USCIRF is proud to announce its new “Policy Update” series. This periodic publication will include information and analysis related to the status of religious freedom in the countries USCIRF monitors.
This report is an examination of religious freedom conditions in Nicaragua in 2019. Following an outbreak of anti-government protests in April 2018, the Catholic Church offered support to protesters by providing sanctuary in churches and medical care, and in some cases vocal encouragement. Consequently, President Daniel Ortega’s government, security forces, and supporters started a campaign of intimidation and harassment against Catholic institutions, clergy, and churchgoers. This has severely disrupted the ability of Catholics to worship freely in Nicaragua and has led to clergymen having to flee the country out of concern for their safety.
This report provides an overview of the key religious freedom violations that occurred in Cuba during 2019. While Cuba adopted a new constitution in April 2019 that changed the country’s constitutional provisions related to freedom of religion or belief, violations have continued. Alongside the constitution, the government uses a restrictive system of laws and policies, surveillance, and harassment to control religious groups and suppress freedom of religion or belief. The report examines the ongoing issues, including the continued detention and harassment of religious leaders and the denial of religious freedom for democracy and human rights activists and independent journalists.
During the past decade, the Chinese government has increasingly employed advanced technology to amplify its repression of religious and faith communities. Authorities have installed surveillance cameras both outside and inside houses of worship to monitor and identify attendees. The government has deployed facial recognition systems that are purportedly able to distinguish Uighurs and Tibetans from other ethnic groups. Chinese authorities have also collected biometric information—including blood samples, voice recordings, and fingerprints—from religious and faith communities, often without their consent.
In North Korea, the regime’s approach toward religion and belief is among the most repressive in the world. Put simply, freedom of religion or belief does not exist in North Korea. Although the North Korean constitution protects its people’s freedom of religion in principle, in practice the regime exerts absolute influence over a handful of statecontrolled houses of worship permitted to exist. This creates a facade of religious life maintained chiefly for propaganda purposes.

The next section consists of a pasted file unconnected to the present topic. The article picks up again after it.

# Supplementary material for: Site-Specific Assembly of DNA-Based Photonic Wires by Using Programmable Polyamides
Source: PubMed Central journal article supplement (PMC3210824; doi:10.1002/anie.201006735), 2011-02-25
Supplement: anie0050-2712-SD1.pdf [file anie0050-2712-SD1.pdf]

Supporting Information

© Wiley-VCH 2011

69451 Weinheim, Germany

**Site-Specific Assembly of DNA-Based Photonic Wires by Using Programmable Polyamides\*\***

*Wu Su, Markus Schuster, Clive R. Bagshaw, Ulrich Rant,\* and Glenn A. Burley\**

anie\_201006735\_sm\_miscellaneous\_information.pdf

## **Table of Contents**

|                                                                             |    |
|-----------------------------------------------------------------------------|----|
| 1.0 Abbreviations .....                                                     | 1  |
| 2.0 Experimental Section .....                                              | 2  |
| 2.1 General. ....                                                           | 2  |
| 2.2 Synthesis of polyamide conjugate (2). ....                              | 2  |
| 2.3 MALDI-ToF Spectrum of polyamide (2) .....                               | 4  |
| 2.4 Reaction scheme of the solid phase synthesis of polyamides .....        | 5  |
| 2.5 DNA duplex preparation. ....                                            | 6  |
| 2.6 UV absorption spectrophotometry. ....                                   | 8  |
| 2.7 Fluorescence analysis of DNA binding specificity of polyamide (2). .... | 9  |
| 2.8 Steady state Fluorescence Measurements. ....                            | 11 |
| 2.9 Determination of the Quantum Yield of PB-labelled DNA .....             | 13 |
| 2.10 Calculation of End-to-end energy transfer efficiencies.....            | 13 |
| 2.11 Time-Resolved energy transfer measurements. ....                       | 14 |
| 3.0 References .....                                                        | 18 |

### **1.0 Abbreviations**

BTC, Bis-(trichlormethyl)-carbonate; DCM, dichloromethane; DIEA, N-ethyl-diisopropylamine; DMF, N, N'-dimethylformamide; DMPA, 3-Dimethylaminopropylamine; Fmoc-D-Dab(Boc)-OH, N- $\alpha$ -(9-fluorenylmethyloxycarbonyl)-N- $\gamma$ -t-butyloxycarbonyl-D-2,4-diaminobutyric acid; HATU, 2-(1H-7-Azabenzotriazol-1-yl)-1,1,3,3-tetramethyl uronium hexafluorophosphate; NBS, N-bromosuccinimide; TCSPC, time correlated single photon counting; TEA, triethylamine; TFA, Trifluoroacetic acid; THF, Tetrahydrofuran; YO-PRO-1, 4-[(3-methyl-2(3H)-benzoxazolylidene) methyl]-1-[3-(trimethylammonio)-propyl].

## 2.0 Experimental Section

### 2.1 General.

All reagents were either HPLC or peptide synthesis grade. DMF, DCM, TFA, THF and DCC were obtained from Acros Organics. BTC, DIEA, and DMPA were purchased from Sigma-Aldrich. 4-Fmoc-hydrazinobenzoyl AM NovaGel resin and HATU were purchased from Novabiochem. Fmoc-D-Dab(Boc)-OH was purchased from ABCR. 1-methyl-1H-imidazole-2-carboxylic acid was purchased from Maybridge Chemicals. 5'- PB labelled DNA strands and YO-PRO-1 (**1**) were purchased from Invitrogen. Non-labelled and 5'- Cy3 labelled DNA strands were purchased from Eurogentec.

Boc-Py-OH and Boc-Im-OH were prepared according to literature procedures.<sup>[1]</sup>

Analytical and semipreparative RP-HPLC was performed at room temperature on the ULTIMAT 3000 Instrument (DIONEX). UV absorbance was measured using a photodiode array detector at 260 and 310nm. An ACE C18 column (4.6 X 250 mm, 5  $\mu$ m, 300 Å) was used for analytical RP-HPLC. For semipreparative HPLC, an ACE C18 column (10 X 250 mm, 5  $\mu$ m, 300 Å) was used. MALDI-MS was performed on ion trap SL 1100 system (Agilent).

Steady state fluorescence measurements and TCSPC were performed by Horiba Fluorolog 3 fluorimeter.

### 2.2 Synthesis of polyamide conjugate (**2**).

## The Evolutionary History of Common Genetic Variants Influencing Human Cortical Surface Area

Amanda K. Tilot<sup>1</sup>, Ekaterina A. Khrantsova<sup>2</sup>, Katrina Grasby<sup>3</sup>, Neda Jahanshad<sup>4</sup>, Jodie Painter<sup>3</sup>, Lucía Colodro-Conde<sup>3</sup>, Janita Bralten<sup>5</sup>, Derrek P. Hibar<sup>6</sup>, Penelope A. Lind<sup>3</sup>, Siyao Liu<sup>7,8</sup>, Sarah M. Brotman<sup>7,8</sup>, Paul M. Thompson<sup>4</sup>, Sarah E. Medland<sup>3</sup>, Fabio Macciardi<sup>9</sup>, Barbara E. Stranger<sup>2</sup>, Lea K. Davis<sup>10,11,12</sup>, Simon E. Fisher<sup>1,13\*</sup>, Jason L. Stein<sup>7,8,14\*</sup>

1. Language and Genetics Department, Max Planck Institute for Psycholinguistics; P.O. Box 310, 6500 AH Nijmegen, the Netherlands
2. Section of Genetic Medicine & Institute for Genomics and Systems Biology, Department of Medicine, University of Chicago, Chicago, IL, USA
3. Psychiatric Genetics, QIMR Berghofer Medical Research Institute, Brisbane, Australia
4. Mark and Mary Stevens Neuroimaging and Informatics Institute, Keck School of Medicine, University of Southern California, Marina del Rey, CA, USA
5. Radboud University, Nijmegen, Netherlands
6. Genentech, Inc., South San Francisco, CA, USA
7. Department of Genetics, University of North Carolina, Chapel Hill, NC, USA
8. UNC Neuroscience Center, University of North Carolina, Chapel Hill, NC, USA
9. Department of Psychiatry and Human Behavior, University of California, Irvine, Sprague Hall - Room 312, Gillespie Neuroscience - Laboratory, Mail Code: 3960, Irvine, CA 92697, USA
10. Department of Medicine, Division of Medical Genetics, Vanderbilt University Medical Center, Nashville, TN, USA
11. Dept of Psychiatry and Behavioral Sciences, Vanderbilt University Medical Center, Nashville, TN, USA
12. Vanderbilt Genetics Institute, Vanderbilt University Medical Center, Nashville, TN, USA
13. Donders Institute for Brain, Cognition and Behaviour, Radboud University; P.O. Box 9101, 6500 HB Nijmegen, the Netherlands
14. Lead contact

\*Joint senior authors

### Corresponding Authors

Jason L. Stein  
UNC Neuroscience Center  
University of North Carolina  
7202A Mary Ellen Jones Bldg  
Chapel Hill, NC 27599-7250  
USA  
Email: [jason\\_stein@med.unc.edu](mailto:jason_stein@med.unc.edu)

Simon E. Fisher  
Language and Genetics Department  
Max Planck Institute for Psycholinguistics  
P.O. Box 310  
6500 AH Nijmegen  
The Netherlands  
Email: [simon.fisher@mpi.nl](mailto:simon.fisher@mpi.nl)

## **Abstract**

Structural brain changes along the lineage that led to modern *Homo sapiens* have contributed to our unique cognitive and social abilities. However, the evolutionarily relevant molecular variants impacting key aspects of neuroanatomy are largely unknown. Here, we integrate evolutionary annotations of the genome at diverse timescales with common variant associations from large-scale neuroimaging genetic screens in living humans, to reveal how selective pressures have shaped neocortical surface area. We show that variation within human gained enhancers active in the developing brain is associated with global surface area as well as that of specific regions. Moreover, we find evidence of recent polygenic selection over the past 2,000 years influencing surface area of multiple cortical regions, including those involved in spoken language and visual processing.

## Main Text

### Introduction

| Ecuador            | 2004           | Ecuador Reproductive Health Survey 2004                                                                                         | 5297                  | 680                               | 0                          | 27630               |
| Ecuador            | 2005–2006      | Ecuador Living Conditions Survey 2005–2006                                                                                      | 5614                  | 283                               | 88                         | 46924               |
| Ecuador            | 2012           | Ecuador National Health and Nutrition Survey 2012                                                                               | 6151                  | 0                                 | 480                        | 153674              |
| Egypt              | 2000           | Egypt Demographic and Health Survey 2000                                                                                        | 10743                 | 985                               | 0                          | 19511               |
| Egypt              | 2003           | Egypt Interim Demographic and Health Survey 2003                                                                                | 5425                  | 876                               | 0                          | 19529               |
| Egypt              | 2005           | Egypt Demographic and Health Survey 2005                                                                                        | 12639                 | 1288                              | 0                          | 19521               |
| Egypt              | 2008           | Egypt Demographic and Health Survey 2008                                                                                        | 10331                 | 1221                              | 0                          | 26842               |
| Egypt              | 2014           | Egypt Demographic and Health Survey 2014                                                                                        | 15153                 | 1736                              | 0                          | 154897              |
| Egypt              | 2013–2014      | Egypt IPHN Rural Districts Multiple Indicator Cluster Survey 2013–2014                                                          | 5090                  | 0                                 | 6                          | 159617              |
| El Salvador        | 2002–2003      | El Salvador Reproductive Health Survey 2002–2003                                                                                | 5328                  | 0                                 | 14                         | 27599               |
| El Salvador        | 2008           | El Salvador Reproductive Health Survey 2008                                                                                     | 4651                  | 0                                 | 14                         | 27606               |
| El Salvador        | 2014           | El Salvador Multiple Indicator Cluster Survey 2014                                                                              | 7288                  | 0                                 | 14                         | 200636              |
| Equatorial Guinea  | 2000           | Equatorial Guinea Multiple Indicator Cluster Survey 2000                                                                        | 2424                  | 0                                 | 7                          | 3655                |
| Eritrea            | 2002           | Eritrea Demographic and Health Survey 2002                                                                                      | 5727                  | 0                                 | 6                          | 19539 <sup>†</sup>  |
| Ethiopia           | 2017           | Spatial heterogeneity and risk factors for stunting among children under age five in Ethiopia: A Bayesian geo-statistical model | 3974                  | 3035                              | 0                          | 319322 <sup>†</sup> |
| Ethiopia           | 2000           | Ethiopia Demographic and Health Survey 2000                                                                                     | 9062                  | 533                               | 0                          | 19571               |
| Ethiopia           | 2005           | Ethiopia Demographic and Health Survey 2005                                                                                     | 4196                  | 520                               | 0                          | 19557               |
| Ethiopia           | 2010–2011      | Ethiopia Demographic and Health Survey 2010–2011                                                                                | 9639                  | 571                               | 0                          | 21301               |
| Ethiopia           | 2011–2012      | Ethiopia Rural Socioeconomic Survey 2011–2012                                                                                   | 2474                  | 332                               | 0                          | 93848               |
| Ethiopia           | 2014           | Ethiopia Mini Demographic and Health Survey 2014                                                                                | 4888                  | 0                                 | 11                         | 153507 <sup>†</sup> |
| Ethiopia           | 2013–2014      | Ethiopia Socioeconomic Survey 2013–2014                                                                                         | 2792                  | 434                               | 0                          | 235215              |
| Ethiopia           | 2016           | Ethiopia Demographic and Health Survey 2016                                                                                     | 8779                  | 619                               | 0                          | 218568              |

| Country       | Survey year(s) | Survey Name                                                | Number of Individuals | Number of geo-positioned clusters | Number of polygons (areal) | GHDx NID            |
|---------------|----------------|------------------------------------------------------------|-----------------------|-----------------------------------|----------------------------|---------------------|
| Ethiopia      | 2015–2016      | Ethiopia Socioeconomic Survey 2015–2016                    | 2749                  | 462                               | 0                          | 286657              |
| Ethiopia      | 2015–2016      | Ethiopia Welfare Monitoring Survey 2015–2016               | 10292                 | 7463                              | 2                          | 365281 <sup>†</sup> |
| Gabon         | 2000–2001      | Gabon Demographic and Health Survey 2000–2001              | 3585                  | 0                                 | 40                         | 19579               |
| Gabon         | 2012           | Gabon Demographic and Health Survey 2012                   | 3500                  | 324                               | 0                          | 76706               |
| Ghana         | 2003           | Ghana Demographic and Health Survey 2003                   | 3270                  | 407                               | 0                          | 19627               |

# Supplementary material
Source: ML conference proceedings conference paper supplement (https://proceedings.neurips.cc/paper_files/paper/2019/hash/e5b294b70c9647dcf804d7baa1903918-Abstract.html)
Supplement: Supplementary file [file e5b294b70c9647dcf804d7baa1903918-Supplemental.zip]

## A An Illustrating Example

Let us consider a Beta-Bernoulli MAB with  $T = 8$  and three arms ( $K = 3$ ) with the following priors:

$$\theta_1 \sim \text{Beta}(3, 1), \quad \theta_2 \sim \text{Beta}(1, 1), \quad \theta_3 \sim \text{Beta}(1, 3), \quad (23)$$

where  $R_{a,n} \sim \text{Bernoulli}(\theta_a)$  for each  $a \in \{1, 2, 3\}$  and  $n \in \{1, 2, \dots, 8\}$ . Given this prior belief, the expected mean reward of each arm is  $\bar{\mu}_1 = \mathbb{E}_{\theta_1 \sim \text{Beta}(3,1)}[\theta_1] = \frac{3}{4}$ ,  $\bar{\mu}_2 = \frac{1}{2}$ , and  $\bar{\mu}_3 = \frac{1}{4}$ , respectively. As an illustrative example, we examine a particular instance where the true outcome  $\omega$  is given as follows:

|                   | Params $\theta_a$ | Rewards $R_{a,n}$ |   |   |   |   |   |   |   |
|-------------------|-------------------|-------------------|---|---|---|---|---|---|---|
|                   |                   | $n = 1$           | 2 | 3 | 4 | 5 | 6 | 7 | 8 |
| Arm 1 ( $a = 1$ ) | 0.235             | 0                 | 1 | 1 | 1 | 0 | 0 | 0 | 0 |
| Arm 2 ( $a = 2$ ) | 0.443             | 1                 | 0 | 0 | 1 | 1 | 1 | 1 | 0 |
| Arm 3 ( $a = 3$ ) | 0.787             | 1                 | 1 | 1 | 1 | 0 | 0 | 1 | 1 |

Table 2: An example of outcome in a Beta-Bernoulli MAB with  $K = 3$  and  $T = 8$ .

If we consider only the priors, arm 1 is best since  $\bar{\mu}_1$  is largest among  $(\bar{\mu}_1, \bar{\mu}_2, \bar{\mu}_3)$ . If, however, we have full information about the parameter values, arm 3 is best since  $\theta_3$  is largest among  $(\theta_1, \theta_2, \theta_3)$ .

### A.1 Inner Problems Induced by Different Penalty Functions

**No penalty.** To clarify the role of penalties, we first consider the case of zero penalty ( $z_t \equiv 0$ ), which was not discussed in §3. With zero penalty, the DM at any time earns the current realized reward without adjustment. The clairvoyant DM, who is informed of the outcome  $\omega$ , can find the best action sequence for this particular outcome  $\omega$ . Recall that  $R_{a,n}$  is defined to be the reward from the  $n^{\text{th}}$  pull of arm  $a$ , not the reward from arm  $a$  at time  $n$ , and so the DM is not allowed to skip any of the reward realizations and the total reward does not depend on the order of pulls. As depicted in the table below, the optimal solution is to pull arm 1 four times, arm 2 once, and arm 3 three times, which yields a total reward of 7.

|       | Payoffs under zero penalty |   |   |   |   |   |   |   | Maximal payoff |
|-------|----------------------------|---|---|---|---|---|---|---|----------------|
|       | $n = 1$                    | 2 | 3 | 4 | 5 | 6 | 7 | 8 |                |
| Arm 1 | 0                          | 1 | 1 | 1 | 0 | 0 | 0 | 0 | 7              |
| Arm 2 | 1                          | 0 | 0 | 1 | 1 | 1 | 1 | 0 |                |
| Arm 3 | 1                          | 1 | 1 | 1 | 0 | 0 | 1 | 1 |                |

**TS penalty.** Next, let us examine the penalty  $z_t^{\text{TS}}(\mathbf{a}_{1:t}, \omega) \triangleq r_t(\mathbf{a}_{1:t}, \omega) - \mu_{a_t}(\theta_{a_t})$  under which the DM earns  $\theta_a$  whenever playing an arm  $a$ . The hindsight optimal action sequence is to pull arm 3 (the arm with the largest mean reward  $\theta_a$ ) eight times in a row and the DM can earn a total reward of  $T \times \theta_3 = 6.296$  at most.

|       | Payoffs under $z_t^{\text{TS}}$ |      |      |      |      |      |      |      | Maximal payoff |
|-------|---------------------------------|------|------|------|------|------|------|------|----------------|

A USCIRF delegation visited Khartoum and North Darfur states in May 2018 to learn about specific violations and barriers to religious freedom perpetrated both by state and non-state actors. The delegation met with a wide range of interlocutors, including Sudanese government officials, members of civil society, women’s rights activists, human rights defenders, religious leaders, representatives of religious minority communities, and journalists, among others.
In November 2017, USCIRF Commissioners and staff traveled to Burma (also known as Myanmar) to meet with government officials, civil society, and religious representatives in Rangoon, Mandalay, and Naypyidaw. In January 2018, USCIRF staff traveled to Dhaka and Cox’s Bazar, Bangladesh, to gather information on the situation of Rohingya Muslim refugees.
The next year will be a pivotal one in Iraq. The U.S.-led fight against ISIS has yielded significant success. The military battle to defeat ISIS, a group which then Secretary of State Rex Tillerson affirmed was “clearly responsible for genocide,” has come to an end. In September 2017, the Kurdish Regional Government (KRG) held its independence referendum, which passed with 92 percent voting in favor.
Throughout 2017, the Association of Southeast Asian Nations (ASEAN) has promoted its 50th year of existence, marked on August 8. The regional bloc comprising 10 countries has grown and integrated in ways hardly dreamed of five decades ago. But to this day, ASEAN lacks cohesion on human rights issues and, in particular, has a flawed record protecting freedom of religion or belief, both as a collective regional bloc and as individual Member States.
Since South Sudan’s secession in 2011, USCIRF has documented an escalation in the Sudanese government’s persecution of Christians. The government’s persecution of Christians is in line with the ruling National Congress Party’s (NCP) long standing campaign to strengthen Sudan’s Islamic and Arabic identity, disregarding the country’s vast religious and ethnic diversity.
The Central African Republic has a long history of political strife, coups, severe human rights abuses, and underdevelopment. Despite this, sectarian violence and targeted killing based on religious identity are new to the majority-Christian country. The ongoing conflict started after the 2013 coup by a coalition of Muslim-majority militias and has resulted in thousands of people dead, 2.2 million in need of humanitarian assistance, more than 480,000 refugees, and more than 500,000 internally displaced persons (IDPs).